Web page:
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Pressure Measurement

Pressure Measurement






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    Pressure Measurement Pressure Measurement Presentation Transcript

    • 4.3 Pressure Measurement
      • Represented as a force per unit area
      • Discussion is restricted to fluid
      • Term used:
        • Absolute pressure: refers to the absolute value of the force
        • per unit area exerted on the containing wall by the fluid.
        • Gauge pressure: represent the difference between the
        • absolute pressure and the local atmospheric pressure
        • Vacuum: represents the amount by which the atmospheric
        • exceeds the absolute pressure.
        • Pressure SI unit: Newton per square meter(N/m 2 ) or
        • pascal (Pa)
    • 4.3.1 Types of Pressure Transducers
      • There are many types of pressure transducers
      • Common used :
      • 1) Mechanical Pressure-Measurement Devices (Manometer)
      • 2) Dead-Weight Tester
      • 3) Bourdon-Tube Pressure Gauge
      • 4) Diaphragm and Bellows Gauges
    • 1) Mechanical Pressure-Measurement Devices (Manometer)
      • Offer simplest means for pressure measurement
      • The fluid manometer is a widely used device for
      • measurement of fluid pressures under steady-state
      • and laboratory conditions [refer figure 4.6]
    • Figure 4.6 a) U-tube Manometer b) Well-type Manometer (a) (b)
    • 2)Dead-Weight Tester
      • A device used for balancing a fluid pressure with
      • a known weight
      • Typically used for static calibration of pressure gauge
      • and seldom employed for actual measurement.
      • [refer figure 4.7]
      • Architecture and operation:
      • - The apparatus set-up for calibration of the pressure
      • gauge G.
      • - The chamber and cylinderof the tester are filled with
      • a clean oil by first moving the plunger to its most
      • forward position and then slowly withdrawing it while
      • the oil is poured in through the opening for the piston.
    • Figure 4.7 Dead Weight Tester
    • - The gauge to be tested is installed and the piston is inserted in the cylinder. - The pressure exerted on the fluid by the piston is now transmitted to the gauge when valve is opened. - This pressure may be varied by adding weights to the piston or by using different piston-cylinder combinations of varying areas. - The viscous friction between the piston and the cylinder in the axial direction may be substantially reduced by rotating the piston-weight assembly while measurement is taken
    • 3) Bourdon-Tube Pressure
      • Used in many applications because of its consistency,
      • And inexpensive measurement of static pressure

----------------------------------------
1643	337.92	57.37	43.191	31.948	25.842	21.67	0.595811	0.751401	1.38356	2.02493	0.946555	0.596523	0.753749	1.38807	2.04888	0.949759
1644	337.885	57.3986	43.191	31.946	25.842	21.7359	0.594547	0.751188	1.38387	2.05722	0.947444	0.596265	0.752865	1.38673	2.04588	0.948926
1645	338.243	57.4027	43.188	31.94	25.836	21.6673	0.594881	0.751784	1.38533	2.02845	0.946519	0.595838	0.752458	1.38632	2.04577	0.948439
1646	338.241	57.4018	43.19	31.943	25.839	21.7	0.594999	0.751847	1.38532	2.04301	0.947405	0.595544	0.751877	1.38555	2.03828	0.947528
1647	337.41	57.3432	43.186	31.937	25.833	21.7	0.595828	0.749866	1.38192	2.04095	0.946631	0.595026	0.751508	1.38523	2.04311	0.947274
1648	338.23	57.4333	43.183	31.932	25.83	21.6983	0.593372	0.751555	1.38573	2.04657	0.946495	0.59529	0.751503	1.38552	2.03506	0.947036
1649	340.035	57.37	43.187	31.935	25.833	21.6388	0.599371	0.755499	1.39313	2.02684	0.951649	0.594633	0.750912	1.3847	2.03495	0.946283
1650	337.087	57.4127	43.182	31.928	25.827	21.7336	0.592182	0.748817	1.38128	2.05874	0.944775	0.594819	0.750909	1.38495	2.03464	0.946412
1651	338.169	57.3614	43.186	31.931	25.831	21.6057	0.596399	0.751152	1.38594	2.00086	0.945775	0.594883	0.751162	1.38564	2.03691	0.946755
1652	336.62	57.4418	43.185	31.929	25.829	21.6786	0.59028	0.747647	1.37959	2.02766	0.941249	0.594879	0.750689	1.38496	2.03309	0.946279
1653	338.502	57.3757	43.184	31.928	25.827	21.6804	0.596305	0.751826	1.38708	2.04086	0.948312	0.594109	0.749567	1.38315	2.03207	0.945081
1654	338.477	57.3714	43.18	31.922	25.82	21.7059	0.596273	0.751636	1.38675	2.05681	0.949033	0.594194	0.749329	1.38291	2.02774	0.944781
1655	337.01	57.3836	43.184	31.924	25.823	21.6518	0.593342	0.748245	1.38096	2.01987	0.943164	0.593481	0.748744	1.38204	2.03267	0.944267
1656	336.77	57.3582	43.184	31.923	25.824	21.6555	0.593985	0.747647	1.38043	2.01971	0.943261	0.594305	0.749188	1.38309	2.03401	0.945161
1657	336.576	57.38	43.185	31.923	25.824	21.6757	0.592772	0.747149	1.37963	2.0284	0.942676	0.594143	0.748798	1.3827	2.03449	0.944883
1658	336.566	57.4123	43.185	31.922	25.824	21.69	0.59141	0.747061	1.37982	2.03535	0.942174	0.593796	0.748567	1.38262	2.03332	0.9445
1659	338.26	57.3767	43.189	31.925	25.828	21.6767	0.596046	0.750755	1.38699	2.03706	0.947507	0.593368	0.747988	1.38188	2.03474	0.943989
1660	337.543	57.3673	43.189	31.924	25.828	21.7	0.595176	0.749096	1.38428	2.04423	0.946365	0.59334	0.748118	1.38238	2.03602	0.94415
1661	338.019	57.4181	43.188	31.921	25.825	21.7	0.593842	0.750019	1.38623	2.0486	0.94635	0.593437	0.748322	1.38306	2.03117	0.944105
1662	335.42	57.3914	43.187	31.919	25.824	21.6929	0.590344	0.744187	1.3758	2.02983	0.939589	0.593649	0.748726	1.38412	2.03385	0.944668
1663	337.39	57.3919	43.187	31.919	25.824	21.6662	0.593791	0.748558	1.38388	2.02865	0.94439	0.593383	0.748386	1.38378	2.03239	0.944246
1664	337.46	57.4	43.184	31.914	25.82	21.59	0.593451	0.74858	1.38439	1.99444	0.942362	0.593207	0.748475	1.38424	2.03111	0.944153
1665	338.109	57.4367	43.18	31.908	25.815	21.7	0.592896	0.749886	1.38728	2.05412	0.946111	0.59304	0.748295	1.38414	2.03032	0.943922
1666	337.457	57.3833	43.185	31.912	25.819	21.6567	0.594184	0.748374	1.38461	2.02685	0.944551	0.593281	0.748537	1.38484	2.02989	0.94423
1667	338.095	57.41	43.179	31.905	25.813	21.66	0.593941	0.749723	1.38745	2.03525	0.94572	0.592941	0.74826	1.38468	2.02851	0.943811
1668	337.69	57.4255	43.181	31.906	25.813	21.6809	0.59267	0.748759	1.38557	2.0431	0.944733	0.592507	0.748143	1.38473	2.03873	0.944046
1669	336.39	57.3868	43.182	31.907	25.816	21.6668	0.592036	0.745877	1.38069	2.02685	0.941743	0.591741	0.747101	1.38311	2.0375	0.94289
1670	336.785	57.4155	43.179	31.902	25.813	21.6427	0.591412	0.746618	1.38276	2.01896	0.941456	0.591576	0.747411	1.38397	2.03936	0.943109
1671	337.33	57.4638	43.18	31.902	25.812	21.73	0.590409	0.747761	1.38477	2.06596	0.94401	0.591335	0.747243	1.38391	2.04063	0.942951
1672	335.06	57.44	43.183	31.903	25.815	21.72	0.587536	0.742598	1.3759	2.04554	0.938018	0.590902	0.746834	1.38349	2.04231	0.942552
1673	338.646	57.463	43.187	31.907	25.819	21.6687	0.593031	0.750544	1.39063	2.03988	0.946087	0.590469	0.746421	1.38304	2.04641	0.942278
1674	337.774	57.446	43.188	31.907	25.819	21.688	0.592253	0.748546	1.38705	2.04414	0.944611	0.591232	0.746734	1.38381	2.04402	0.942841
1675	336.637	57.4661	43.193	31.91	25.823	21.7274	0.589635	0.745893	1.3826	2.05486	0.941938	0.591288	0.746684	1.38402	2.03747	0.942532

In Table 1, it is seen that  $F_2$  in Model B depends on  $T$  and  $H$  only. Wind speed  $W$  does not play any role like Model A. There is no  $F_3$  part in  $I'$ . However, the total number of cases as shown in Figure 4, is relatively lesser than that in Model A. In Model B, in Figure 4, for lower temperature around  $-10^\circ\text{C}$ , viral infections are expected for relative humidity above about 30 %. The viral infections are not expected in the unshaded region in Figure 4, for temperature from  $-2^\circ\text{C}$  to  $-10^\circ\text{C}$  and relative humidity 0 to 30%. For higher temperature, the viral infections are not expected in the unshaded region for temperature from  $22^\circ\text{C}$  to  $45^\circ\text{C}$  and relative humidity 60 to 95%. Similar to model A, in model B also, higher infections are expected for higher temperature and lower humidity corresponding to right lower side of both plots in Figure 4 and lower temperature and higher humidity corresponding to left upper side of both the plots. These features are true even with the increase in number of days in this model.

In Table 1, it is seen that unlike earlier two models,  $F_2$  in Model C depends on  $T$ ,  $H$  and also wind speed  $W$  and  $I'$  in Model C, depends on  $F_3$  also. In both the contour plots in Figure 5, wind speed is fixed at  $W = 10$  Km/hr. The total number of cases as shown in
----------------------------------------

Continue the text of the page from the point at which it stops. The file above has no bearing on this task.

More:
• measurement.
      • Commercially available in many sizes (1-to-16 in
      • diameter) and accuracies.
      • The heise gauge is an extremely accurate bourdon-tube
      • gauge with an accuracy of 0.1% of full-scale reading
      • and it is employ as a secondary pressure standard in
      • laboratory work.
      • The construction of the bourdon-tube gauge is shown
      • in figure 4.8
      • The bourdon-tube itself is usually an elliptical
      • cross-sectional tube having “C” shape configuration
      • Operation:
      • - When the pressure is applied to the inside of the tube
      • an elastic deformation results which ideally is
      • proportional to the pressure.
      • - The degree of linearity depends on the quality of the
      • gauge.
      • - The end of gauge is connected to a spring-loaded
      • linkage which amplifies the displacement and transform
      • it to an angular rotation of the pointer.
    • Figure 4.8 Bourdon Tube
    • - The linkage is constructed so that the mechanism may be adjusted for optimum linearity and minimum hysteresis as well as compensate for wear which may develop over a period of time. - An electrical-resistance strain gauge may also be installed on the bourdon-tube to sense thr elastic deformation.
    • 4) Diaphragm and Bellows Gauges
      • Represent similar types of elastic deformation
      • devices useful for pressure measurement applications.
      • Architecture and operation:
      • Diaphragm gauge:
      • - Consider first the flat diaphragm subjected
      • to the differential pressure p1-p2 as shown in
      • figure 4.9.
      • - The diaphragm will be deflected in accordance with
      • this pressure differential and the deflection sensed
      • an appropriate displacement transducer.
      • - Various types of diaphragm gauge are shown figure 4.10
    • Figure 4.9 (a) Diaphragm and (b) Bellows (a) (b)
      • Bellows Gauge:
      • - The bellows gauge is shown in figure 4.9(b).
      • - A differential gauge pressure force causes displacement
      • of the bellows, which may be converted to an electrical
      • signal or undergo a mechanical amplification to
      • permit display of the output on an indicator dial.
      • - Figure 4.10 shows various types of bellows gauges.
      • The bellows gauge is generally unsuitable for transient
      • measurements because of the larger relative motion and
      • mass involved.
      • The diaphragm gauge which may be quite stiff, involves
      • rather small displacements and is suit for high frequency
      • pressure measurement.
    • Figure 4.10 Various types of pressure gauges